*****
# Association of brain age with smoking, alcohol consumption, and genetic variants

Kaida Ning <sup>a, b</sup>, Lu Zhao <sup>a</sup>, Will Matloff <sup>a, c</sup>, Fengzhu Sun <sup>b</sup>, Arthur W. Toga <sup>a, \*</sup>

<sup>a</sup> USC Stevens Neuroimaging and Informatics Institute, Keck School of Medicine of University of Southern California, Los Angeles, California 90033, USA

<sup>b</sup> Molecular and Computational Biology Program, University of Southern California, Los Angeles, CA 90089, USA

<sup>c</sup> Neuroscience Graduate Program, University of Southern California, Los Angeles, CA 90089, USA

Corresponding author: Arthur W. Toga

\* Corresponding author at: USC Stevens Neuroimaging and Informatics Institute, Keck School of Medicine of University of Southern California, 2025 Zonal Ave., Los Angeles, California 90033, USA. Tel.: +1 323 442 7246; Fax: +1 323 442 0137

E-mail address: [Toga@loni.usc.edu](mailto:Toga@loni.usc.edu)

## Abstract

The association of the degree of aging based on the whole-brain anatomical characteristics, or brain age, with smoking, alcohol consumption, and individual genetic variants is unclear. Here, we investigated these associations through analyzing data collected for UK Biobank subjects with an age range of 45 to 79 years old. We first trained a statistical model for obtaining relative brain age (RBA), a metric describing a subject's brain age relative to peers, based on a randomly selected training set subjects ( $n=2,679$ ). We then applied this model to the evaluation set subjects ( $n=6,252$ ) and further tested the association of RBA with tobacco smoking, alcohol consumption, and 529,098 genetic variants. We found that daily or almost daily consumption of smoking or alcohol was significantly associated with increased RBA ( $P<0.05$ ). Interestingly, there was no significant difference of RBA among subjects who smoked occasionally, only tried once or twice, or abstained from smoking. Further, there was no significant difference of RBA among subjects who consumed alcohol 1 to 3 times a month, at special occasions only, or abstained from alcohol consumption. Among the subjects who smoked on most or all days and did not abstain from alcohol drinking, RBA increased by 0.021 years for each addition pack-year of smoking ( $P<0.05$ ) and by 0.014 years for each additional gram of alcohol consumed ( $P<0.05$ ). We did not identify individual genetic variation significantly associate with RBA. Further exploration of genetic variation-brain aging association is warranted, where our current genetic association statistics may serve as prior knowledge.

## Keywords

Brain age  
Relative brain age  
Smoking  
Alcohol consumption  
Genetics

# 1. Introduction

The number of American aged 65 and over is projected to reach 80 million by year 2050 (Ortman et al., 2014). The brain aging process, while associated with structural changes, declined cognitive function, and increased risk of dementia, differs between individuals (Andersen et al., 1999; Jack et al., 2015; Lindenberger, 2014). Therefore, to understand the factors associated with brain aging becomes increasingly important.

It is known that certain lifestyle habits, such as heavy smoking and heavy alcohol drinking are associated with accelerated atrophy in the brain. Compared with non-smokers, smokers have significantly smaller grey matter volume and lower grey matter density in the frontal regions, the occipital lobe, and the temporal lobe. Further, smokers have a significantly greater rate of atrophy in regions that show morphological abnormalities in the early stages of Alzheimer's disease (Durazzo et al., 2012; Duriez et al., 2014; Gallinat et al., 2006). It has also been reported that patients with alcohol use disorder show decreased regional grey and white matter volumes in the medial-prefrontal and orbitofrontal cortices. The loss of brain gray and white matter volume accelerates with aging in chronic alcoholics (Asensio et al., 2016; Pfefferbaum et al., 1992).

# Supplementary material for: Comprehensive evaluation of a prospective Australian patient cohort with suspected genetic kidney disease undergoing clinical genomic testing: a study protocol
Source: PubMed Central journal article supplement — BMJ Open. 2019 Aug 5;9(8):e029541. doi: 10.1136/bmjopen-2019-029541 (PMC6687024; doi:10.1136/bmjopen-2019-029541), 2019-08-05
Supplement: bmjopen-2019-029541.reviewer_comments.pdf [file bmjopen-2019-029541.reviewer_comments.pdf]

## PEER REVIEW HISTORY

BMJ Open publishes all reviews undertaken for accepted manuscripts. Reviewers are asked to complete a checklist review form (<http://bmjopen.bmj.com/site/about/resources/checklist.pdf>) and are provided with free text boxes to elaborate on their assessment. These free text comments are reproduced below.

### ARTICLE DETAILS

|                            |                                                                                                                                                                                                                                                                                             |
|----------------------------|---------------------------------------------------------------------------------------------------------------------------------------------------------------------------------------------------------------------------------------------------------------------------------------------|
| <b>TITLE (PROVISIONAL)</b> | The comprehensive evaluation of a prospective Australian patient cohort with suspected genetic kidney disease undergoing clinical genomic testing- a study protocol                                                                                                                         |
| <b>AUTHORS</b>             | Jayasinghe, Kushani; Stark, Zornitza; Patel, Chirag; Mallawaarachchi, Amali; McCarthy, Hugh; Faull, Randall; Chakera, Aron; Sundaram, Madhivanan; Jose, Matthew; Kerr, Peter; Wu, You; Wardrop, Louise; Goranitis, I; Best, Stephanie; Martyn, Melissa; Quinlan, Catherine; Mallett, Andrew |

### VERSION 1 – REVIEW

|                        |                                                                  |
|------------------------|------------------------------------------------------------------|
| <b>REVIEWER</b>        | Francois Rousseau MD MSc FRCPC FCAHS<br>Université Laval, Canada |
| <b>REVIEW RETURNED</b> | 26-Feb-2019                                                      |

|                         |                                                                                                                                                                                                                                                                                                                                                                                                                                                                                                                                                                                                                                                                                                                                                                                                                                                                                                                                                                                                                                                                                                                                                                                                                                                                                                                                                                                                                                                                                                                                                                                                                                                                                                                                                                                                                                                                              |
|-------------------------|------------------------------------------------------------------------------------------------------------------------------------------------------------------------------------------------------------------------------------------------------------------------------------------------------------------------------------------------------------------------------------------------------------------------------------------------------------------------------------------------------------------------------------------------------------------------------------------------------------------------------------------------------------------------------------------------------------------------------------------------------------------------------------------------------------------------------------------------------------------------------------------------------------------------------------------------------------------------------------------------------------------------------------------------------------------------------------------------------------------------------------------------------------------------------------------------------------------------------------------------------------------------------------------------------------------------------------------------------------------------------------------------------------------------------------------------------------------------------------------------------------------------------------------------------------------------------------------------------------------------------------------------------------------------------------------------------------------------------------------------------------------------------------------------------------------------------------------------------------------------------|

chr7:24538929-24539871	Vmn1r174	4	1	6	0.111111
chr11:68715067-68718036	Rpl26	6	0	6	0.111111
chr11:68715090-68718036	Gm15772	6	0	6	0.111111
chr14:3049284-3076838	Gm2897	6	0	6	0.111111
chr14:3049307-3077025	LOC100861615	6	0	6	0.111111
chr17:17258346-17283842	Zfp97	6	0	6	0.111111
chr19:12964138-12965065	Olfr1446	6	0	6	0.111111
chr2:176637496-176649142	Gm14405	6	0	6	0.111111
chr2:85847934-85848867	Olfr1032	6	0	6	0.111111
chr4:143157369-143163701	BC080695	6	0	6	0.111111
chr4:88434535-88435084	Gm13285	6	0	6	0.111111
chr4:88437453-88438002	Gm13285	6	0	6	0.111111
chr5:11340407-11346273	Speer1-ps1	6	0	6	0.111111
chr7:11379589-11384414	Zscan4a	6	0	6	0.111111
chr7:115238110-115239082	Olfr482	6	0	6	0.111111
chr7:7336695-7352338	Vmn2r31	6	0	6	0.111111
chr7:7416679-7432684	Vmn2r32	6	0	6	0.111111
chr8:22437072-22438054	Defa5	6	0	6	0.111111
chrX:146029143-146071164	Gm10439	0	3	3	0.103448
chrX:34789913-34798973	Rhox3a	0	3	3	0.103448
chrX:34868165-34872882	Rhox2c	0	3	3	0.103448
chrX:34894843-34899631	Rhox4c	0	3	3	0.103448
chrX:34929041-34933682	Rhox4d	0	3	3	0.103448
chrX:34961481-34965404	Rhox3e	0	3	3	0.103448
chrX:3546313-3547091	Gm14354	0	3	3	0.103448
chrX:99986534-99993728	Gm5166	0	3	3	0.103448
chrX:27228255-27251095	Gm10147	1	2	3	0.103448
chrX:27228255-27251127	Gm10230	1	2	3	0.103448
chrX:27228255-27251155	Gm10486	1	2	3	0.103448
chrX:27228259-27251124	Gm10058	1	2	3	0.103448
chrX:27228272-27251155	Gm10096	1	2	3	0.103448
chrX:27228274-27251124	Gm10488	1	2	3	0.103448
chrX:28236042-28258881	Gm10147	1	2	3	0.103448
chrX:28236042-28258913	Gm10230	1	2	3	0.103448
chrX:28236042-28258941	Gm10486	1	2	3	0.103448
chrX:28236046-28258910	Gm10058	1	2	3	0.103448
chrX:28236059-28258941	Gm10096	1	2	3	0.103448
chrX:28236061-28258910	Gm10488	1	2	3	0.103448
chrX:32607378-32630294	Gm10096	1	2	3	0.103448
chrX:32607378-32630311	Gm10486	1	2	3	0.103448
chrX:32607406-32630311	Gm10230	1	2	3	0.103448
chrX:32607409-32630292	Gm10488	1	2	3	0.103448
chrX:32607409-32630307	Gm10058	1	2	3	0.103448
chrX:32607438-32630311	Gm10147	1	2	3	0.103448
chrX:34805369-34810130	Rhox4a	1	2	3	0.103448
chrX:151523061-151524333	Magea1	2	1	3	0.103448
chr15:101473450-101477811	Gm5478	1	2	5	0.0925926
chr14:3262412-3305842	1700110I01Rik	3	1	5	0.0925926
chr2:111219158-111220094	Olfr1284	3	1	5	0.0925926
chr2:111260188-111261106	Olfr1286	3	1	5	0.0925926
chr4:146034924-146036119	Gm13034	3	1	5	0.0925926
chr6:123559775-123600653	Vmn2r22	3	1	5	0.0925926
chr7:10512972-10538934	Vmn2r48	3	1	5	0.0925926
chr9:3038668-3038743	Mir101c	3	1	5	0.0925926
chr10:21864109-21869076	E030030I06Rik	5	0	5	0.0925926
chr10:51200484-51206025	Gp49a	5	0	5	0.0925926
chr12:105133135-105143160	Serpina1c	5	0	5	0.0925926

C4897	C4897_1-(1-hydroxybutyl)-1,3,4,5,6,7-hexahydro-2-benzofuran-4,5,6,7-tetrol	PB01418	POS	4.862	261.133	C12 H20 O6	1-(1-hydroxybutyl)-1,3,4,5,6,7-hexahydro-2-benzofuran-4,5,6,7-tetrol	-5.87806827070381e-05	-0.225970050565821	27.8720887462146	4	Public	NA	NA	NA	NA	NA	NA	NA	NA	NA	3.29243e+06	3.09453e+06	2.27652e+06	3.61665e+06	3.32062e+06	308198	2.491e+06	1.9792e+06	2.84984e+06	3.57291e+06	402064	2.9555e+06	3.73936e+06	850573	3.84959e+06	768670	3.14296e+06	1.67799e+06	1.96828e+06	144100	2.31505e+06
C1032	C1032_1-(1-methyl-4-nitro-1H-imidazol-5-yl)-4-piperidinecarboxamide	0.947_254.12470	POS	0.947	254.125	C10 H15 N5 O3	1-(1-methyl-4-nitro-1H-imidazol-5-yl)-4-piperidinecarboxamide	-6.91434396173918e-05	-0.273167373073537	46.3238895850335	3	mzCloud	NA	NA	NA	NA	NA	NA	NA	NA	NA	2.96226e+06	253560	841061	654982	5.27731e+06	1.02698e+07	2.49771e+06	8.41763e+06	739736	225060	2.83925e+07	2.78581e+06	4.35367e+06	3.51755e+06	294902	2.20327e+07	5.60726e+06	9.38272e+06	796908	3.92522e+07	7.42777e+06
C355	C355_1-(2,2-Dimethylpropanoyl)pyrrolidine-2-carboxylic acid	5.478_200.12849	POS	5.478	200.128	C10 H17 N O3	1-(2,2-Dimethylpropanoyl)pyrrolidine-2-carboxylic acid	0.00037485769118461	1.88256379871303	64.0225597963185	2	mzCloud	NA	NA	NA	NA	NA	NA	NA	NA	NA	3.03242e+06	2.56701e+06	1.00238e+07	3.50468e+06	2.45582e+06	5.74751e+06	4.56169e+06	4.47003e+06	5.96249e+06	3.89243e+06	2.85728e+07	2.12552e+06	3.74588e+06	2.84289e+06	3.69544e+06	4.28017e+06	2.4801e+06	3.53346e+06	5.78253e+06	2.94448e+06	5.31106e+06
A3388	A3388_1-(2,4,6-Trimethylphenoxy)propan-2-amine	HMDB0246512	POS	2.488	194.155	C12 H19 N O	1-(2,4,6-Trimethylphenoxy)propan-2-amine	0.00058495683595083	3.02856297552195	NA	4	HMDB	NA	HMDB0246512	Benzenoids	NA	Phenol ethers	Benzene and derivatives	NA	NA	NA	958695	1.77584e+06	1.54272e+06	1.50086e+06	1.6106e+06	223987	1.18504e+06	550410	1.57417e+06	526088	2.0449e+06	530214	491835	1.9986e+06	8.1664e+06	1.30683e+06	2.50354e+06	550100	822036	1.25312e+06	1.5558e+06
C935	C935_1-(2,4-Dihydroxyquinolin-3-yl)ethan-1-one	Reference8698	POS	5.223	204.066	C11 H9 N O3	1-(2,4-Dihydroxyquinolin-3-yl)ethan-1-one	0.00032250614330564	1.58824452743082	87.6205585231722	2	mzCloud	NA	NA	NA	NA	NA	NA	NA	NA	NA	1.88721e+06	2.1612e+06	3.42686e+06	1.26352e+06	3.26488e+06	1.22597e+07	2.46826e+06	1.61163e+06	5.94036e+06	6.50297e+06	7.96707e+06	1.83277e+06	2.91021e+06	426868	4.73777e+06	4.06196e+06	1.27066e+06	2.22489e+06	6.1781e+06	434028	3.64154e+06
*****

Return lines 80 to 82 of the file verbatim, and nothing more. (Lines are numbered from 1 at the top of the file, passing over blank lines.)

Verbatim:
chrX:32607438-32630311	Gm10147	1	2	3	0.103448
chrX:34805369-34810130	Rhox4a	1	2	3	0.103448
chrX:151523061-151524333	Magea1	2	1	3	0.103448